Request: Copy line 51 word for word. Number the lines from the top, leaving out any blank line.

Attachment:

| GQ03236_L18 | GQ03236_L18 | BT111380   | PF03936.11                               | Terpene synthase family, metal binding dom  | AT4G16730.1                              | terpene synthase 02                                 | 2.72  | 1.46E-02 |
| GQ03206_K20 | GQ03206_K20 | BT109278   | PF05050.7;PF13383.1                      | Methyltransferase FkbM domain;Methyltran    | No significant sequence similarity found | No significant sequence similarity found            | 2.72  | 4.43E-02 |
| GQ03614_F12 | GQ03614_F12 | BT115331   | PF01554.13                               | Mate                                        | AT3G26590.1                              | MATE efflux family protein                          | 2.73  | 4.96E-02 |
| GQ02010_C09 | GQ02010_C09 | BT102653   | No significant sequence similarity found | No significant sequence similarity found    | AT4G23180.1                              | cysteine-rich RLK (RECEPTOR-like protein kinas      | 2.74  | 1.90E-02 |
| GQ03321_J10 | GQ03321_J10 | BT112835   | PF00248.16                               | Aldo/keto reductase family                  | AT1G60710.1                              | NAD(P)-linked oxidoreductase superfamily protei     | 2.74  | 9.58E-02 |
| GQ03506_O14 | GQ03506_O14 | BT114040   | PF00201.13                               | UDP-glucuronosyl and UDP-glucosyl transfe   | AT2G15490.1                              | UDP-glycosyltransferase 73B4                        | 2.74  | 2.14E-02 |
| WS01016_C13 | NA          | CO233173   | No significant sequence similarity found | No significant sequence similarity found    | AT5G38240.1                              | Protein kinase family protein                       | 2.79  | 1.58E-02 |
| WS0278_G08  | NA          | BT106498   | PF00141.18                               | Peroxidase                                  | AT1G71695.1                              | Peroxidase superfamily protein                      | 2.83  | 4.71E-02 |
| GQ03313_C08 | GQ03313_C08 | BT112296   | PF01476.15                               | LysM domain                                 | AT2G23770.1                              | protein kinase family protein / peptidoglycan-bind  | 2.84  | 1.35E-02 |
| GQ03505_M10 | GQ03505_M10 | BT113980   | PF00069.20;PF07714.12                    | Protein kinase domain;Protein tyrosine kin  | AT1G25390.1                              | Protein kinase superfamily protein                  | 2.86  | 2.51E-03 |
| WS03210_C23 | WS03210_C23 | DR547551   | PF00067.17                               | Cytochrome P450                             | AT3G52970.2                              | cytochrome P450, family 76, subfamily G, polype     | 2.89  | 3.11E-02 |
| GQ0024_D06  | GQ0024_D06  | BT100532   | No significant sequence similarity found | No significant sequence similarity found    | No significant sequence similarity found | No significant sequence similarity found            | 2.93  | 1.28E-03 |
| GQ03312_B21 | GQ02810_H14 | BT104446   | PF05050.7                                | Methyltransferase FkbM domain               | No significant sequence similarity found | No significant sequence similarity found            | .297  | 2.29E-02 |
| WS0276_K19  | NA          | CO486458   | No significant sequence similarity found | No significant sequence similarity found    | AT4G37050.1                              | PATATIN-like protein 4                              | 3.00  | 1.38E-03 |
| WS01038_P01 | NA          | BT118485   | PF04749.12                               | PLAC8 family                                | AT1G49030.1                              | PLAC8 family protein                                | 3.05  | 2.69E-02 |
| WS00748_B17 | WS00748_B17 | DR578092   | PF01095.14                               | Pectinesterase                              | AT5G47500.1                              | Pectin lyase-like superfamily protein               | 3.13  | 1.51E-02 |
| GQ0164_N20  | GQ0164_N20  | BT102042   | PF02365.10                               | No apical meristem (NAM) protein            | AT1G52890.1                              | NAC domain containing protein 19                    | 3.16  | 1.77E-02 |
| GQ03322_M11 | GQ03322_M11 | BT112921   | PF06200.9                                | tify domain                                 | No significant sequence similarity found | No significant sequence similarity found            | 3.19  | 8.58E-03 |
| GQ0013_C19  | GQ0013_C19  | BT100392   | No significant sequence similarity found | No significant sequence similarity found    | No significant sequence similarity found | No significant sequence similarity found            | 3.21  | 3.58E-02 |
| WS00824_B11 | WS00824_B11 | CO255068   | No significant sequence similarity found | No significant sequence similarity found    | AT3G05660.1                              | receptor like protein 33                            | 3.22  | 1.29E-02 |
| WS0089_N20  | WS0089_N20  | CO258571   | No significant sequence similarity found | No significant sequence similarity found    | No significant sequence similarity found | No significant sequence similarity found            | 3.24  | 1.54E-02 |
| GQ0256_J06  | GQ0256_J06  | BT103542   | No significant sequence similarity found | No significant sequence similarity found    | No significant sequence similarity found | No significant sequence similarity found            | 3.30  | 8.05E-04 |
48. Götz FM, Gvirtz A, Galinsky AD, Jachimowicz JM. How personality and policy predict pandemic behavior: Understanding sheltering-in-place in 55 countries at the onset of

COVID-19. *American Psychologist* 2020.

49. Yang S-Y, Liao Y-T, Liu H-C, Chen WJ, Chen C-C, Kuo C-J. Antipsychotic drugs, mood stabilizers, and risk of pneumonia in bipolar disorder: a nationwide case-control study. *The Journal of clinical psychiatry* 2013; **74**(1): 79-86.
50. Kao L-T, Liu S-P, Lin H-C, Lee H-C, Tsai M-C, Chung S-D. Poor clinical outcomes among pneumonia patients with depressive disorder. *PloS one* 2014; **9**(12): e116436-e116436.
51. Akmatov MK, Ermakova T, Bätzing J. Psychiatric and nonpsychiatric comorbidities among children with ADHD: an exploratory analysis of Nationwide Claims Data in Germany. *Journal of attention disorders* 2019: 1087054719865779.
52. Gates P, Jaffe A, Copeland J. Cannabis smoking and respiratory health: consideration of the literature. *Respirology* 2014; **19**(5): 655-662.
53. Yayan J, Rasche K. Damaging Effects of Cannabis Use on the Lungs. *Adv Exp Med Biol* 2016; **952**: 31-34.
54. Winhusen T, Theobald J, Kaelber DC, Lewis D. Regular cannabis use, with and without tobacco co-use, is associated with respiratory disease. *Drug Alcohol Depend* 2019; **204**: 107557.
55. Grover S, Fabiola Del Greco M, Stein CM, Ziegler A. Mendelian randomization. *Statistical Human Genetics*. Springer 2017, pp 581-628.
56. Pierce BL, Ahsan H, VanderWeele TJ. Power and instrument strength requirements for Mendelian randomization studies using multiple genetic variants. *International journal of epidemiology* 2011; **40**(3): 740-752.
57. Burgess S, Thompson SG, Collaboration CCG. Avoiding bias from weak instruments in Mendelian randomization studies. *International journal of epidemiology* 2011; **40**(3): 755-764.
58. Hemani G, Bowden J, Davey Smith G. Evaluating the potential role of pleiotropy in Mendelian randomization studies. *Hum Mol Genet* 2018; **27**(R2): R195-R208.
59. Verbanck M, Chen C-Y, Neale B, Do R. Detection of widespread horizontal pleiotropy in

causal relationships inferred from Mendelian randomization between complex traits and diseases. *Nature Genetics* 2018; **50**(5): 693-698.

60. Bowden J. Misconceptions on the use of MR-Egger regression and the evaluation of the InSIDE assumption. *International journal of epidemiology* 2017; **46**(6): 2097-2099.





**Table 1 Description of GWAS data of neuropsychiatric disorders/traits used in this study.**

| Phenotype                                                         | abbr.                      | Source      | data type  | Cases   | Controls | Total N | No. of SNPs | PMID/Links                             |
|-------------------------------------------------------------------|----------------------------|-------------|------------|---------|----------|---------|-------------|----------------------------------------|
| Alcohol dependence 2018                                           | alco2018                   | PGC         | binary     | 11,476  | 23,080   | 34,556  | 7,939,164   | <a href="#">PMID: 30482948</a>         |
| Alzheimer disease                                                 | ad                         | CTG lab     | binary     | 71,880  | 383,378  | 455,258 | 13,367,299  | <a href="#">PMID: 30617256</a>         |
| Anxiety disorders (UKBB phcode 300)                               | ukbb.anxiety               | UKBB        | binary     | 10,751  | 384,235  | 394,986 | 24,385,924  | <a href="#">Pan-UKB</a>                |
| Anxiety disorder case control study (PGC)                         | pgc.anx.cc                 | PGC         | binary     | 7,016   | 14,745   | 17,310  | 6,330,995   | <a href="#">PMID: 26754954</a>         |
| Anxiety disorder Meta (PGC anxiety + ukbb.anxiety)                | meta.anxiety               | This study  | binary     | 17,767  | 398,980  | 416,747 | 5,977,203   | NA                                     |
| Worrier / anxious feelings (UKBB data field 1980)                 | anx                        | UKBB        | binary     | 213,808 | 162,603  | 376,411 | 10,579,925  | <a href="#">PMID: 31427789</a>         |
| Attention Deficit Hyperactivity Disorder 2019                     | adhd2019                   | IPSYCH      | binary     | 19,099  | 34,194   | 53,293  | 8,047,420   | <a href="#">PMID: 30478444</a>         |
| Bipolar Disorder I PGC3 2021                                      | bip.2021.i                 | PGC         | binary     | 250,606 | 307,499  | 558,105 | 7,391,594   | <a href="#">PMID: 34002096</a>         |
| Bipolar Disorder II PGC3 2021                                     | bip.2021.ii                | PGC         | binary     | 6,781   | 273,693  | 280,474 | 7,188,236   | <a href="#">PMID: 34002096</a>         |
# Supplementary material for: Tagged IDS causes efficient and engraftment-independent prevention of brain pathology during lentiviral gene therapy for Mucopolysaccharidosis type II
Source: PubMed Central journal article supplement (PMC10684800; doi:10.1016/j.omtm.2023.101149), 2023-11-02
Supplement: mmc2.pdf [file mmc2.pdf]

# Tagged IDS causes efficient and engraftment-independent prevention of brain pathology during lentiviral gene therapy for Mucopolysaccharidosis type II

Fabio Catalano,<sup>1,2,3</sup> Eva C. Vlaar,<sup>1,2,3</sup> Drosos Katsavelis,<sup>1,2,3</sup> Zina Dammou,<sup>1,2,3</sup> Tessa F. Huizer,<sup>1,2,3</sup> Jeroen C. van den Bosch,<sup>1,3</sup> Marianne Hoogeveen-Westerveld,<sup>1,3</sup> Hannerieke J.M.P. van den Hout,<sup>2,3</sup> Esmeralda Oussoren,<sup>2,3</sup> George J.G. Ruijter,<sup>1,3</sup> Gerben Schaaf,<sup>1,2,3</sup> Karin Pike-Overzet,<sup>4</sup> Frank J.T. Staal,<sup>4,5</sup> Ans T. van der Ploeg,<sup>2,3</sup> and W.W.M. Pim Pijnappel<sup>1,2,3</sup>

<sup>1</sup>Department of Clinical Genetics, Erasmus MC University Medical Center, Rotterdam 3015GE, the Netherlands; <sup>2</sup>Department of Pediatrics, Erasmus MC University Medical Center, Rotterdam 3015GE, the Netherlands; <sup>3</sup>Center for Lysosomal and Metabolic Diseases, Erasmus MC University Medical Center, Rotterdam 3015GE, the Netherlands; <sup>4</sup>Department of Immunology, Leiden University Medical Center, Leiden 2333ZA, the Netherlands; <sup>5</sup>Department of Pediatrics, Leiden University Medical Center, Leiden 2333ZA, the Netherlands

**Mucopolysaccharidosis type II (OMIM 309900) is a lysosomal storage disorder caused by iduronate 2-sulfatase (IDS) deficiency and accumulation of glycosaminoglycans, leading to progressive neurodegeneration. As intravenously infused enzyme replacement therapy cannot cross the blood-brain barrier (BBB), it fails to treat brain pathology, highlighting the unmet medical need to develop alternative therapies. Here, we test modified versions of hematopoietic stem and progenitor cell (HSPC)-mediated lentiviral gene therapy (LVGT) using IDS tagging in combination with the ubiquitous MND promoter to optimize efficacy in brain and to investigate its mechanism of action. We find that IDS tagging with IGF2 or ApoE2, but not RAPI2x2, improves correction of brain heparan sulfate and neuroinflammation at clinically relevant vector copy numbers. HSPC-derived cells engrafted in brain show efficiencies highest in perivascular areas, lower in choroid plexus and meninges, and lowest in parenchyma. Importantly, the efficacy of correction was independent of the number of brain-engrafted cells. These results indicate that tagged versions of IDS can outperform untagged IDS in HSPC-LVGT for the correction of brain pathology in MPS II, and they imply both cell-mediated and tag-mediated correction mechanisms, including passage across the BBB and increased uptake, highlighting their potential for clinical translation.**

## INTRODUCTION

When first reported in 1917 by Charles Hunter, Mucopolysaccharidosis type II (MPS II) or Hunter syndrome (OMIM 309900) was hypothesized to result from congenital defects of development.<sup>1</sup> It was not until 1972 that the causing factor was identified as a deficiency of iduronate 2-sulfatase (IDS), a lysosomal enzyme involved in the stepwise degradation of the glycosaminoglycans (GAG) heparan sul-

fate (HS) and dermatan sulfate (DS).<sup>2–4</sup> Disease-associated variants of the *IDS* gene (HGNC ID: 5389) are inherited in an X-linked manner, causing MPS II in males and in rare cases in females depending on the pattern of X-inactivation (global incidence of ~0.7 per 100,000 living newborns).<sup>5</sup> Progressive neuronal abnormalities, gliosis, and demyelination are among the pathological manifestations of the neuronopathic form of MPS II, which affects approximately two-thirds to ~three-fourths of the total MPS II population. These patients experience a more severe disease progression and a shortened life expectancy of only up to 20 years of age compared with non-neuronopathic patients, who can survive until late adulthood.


Source: PubMed Central journal article supplement (PMC10684800; doi:10.1016/j.omtm.2023.101149), 2023-11-02